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P.E.I. business Cryptoground.com allows people to practise trading cryptocurrency

Rakesh Patel is the co-founder of Cryptoground.com, a website that allows people to practise cryptocurrency trading without using real money.
Rakesh Patel is the co-founder of Cryptoground.com, a website that allows people to practise cryptocurrency trading without using real money. - Terrence McEachern

CHARLOTTETOWN, P.E.I. – When Rakesh Patel couldn’t find a website to practise cryptocurrency trading without investing real money, the Charlottetown entrepreneur did what he’s always done when confronted with a problem – he created a solution.

“I love building things. I love creating things which are far bigger,” said Patel, co-founder of Cryptoground.com.

In January, Patel launched a new version of the website, which gives users real-time market data and valuations as well as news, a trade simulator, mining calculator and a beginner’s guide. The site also has a ‘what if’ calculator that allows users to see how much profit or losses they would have incurred if they invested in a cryptocurrency, such as bitcoin, on a prior date.

The first version of Cryptoground was launched about five months ago, Patel said.

“I built this whole site so I could play with it myself,” he said.

The Cryptoground site is free to join. Patel explained when someone registers, they receive $50,000 U.S. in virtual money to invest. The site has about 3,000 users and 10,000 page views daily. Patel has filled a position to help market the site and is looking to hire a content writer with journalism skills to provide authentic news and help with analysis.

Patels day job is CEO of Space-O Technologies, a mobile application software company he co-founded in India in 2010 with $1,000 and an Apple computer.

The company has grown to 254 employees with three offices in India and in Siberia, Phoenix, Ariz., and Monterey, Calif.

Patel said 11 companies reside within Space-O Technologies as a result of a unique incubation plan to retain managers. It involves providing managers in at least their fourth year with $75,000 U.S. in seed funding to “build your own dream product.” The manager still works for the company and earns a salary while working on the project, and can access other employees in various departments to help. The manager buys more shares in the company each year until 90 per cent is owned after nine years. Space-O Technologies retains 10 per cent, unless the company has ended operations.

“That’s the reason we don’t lose our managers,” he said.

One project Patel has been involved with is an app that gives a tennis coach real-time data on a player’s performance through a device on the racket. The project was created for a client in Atlanta.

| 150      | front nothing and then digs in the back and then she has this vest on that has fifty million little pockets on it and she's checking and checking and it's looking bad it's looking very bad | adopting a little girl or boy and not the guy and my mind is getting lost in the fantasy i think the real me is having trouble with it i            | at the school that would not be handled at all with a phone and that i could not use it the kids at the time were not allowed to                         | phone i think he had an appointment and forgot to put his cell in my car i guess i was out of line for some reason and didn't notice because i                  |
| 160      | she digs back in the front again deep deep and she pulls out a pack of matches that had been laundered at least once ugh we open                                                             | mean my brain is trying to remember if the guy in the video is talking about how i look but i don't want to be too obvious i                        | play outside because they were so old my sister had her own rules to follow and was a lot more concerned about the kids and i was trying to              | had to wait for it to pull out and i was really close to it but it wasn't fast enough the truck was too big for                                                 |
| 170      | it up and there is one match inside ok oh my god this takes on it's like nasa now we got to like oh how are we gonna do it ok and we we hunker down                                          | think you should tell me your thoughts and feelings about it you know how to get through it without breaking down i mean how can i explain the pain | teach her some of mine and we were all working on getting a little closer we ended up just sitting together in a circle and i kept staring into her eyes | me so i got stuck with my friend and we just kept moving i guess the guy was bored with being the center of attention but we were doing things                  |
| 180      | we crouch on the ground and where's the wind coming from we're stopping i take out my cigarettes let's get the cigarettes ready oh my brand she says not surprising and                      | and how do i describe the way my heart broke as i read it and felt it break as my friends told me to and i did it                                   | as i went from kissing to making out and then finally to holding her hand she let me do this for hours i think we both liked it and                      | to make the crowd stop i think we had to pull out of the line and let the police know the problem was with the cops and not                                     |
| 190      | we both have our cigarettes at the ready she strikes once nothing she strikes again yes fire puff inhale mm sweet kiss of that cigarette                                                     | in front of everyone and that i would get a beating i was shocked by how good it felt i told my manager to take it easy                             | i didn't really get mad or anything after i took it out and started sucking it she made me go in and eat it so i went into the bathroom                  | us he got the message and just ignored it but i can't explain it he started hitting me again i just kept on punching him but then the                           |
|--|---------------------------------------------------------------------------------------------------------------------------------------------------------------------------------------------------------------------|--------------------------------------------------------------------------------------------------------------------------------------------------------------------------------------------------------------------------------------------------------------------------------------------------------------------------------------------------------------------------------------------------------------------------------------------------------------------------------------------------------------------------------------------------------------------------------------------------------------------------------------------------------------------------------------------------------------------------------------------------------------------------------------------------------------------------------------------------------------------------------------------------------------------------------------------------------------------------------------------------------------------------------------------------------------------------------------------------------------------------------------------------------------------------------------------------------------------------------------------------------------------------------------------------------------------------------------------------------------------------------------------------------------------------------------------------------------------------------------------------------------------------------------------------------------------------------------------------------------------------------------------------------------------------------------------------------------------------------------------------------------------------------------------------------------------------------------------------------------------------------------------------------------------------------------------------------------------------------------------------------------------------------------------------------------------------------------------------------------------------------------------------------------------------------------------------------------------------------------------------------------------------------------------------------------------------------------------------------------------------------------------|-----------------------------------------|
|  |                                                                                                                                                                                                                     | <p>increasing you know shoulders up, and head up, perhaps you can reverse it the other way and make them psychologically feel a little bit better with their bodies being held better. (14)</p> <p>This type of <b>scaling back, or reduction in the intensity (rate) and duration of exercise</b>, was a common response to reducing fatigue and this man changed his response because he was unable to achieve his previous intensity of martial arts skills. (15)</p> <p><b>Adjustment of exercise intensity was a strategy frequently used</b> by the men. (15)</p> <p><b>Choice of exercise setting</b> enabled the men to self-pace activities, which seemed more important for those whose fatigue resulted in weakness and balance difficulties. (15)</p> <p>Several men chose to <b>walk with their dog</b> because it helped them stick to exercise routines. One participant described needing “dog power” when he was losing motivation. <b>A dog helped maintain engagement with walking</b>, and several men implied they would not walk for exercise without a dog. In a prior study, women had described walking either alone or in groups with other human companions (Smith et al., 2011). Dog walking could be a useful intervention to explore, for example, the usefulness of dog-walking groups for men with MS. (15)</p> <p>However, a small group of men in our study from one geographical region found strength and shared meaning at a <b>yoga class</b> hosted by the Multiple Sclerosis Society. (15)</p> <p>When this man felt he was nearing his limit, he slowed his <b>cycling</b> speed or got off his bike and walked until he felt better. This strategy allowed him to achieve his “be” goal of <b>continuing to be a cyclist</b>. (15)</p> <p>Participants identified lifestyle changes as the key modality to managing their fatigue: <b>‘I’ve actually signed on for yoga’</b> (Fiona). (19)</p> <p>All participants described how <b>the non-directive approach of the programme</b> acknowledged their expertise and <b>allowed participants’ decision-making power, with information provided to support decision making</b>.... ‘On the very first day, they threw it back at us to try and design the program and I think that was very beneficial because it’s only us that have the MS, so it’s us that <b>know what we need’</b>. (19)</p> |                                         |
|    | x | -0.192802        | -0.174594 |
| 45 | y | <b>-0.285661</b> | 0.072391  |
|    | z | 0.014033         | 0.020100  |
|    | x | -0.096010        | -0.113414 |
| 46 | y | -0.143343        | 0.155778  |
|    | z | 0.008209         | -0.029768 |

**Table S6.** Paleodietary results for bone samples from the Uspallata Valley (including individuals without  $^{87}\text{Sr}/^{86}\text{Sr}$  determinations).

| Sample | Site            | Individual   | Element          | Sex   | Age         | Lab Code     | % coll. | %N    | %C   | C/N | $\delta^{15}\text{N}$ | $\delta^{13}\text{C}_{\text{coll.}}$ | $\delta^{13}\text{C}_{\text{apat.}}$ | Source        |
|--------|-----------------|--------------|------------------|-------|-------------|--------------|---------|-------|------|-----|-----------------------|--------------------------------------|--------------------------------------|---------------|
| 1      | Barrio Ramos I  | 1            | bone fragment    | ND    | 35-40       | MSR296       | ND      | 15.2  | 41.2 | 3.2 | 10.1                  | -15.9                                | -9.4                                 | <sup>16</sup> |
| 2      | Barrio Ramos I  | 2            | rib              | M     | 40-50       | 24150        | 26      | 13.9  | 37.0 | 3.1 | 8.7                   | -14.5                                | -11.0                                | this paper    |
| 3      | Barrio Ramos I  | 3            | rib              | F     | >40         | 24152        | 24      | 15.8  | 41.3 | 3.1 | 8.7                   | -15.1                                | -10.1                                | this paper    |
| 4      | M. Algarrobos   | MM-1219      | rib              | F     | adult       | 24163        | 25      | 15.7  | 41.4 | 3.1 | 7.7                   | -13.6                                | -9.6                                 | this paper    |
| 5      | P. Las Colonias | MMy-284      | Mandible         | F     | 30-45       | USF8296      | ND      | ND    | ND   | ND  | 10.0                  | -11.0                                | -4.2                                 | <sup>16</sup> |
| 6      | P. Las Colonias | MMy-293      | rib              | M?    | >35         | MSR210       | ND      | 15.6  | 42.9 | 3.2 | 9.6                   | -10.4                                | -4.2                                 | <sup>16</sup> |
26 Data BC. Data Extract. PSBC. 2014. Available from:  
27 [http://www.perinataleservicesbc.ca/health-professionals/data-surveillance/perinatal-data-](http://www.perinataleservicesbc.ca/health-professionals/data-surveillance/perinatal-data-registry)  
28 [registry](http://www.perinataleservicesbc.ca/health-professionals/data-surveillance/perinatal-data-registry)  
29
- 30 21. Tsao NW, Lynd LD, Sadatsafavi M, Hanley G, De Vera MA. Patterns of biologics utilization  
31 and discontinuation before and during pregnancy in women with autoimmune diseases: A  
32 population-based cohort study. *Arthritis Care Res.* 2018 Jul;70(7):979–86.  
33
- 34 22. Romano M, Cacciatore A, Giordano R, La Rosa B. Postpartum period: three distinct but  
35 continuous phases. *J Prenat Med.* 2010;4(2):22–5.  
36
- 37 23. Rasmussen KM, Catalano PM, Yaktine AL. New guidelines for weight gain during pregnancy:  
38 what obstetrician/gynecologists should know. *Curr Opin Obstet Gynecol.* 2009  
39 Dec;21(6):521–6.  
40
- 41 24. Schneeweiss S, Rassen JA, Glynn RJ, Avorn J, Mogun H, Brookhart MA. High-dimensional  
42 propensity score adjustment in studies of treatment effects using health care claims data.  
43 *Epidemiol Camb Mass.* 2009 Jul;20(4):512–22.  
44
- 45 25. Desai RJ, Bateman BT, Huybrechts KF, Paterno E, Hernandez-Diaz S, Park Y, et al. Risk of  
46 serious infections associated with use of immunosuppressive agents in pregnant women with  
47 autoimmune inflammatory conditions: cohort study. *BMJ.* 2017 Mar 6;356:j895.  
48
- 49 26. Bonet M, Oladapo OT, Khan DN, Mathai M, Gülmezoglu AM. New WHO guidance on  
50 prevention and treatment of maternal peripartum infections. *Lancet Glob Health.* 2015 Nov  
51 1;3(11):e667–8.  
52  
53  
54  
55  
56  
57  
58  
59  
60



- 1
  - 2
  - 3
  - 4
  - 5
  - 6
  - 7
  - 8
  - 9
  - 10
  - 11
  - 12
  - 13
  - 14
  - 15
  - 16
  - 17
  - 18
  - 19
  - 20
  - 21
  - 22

Patel is also involved with Everythingcivic.com. The software uses GPS to connect residents with their local municipality. The app allows people to file a complaint with a municipality about concerns, such as the lack of snow removal or a streetlight or traffic light not working. It also gives users information about other municipal topics, such as traffic and transit services, help line phone numbers, bill payment information and office locations. The app is currently used in large cities like New Delhi and Ahmedabad in India. 

Patel is also busy preparing to launch V Bridge, an app that connects organizations on P.E.I. with potential volunteers. Patel said volunteering is a way newcomers can integrate into society on the Island, make contacts and acquire local references for employment opportunities. The app uses GPS to identify organizations looking for volunteers in a particular area. Patel is hoping to launch the app in April or May.

Patel came to P.E.I. from India with his wife and two children in August 2016. His friend, also a brand ambassador with UPEI, suggested he visit the Island. His son is a student at Colonel Grey High School. He plays soccer and has taken to carpentry and furniture building as a hobby. His daughter is studying computer science with an interest in “big data.”

Patel operates out of office space in the Launchpad P.E.I. Building on Great George Street. He compares doing business in downtown Charlottetown to sitting at a dining room table – everything is conveniently located and within reach.

“You get things done here quickly,” he explained.

Before moving to Charlottetown, Patel did his research on the city and notes its “almost nil” crime rate, health care and short commute to work as motivating factors.

“This is more than money. This is lifestyle for me,” he said.

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